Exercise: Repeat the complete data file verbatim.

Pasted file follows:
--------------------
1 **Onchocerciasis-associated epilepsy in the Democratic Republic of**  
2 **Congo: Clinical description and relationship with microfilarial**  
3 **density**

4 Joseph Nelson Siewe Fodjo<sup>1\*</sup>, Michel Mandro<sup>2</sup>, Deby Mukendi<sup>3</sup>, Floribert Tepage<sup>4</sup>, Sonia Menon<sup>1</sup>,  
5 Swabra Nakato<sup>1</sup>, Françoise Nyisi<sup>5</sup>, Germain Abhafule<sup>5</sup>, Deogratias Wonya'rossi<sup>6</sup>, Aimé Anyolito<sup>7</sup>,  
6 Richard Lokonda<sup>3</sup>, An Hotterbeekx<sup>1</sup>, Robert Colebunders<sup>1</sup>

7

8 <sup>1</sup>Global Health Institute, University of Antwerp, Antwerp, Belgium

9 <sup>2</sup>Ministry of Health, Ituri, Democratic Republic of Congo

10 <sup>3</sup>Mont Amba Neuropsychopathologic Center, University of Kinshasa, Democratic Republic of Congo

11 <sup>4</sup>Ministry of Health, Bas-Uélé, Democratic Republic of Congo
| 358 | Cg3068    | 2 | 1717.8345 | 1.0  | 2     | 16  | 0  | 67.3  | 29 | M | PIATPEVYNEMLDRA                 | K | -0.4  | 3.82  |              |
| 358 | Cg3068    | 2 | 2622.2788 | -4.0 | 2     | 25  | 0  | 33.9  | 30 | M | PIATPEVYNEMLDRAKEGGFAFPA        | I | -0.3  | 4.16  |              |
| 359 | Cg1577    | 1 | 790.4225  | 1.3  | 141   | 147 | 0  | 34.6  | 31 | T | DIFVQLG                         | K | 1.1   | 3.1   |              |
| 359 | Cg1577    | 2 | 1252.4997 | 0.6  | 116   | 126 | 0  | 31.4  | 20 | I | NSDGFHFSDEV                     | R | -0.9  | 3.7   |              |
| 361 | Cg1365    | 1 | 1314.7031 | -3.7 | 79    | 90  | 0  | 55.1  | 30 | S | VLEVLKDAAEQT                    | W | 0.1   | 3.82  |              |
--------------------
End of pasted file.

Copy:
1 **Onchocerciasis-associated epilepsy in the Democratic Republic of**  
2 **Congo: Clinical description and relationship with microfilarial**  
3 **density**

4 Joseph Nelson Siewe Fodjo<sup>1\*</sup>, Michel Mandro<sup>2</sup>, Deby Mukendi<sup>3</sup>, Floribert Tepage<sup>4</sup>, Sonia Menon<sup>1</sup>,  
5 Swabra Nakato<sup>1</sup>, Françoise Nyisi<sup>5</sup>, Germain Abhafule<sup>5</sup>, Deogratias Wonya'rossi<sup>6</sup>, Aimé Anyolito<sup>7</sup>,  
6 Richard Lokonda<sup>3</sup>, An Hotterbeekx<sup>1</sup>, Robert Colebunders<sup>1</sup>

7

8 <sup>1</sup>Global Health Institute, University of Antwerp, Antwerp, Belgium

9 <sup>2</sup>Ministry of Health, Ituri, Democratic Republic of Congo

10 <sup>3</sup>Mont Amba Neuropsychopathologic Center, University of Kinshasa, Democratic Republic of Congo

11 <sup>4</sup>Ministry of Health, Bas-Uélé, Democratic Republic of Congo
| 358 | Cg3068    | 2 | 1717.8345 | 1.0  | 2     | 16  | 0  | 67.3  | 29 | M | PIATPEVYNEMLDRA                 | K | -0.4  | 3.82  |              |
| 358 | Cg3068    | 2 | 2622.2788 | -4.0 | 2     | 25  | 0  | 33.9  | 30 | M | PIATPEVYNEMLDRAKEGGFAFPA        | I | -0.3  | 4.16  |              |
| 359 | Cg1577    | 1 | 790.4225  | 1.3  | 141   | 147 | 0  | 34.6  | 31 | T | DIFVQLG                         | K | 1.1   | 3.1   |              |
| 359 | Cg1577    | 2 | 1252.4997 | 0.6  | 116   | 126 | 0  | 31.4  | 20 | I | NSDGFHFSDEV                     | R | -0.9  | 3.7   |              |
| 361 | Cg1365    | 1 | 1314.7031 | -3.7 | 79    | 90  | 0  | 55.1  | 30 | S | VLEVLKDAAEQT                    | W | 0.1   | 3.82  |              |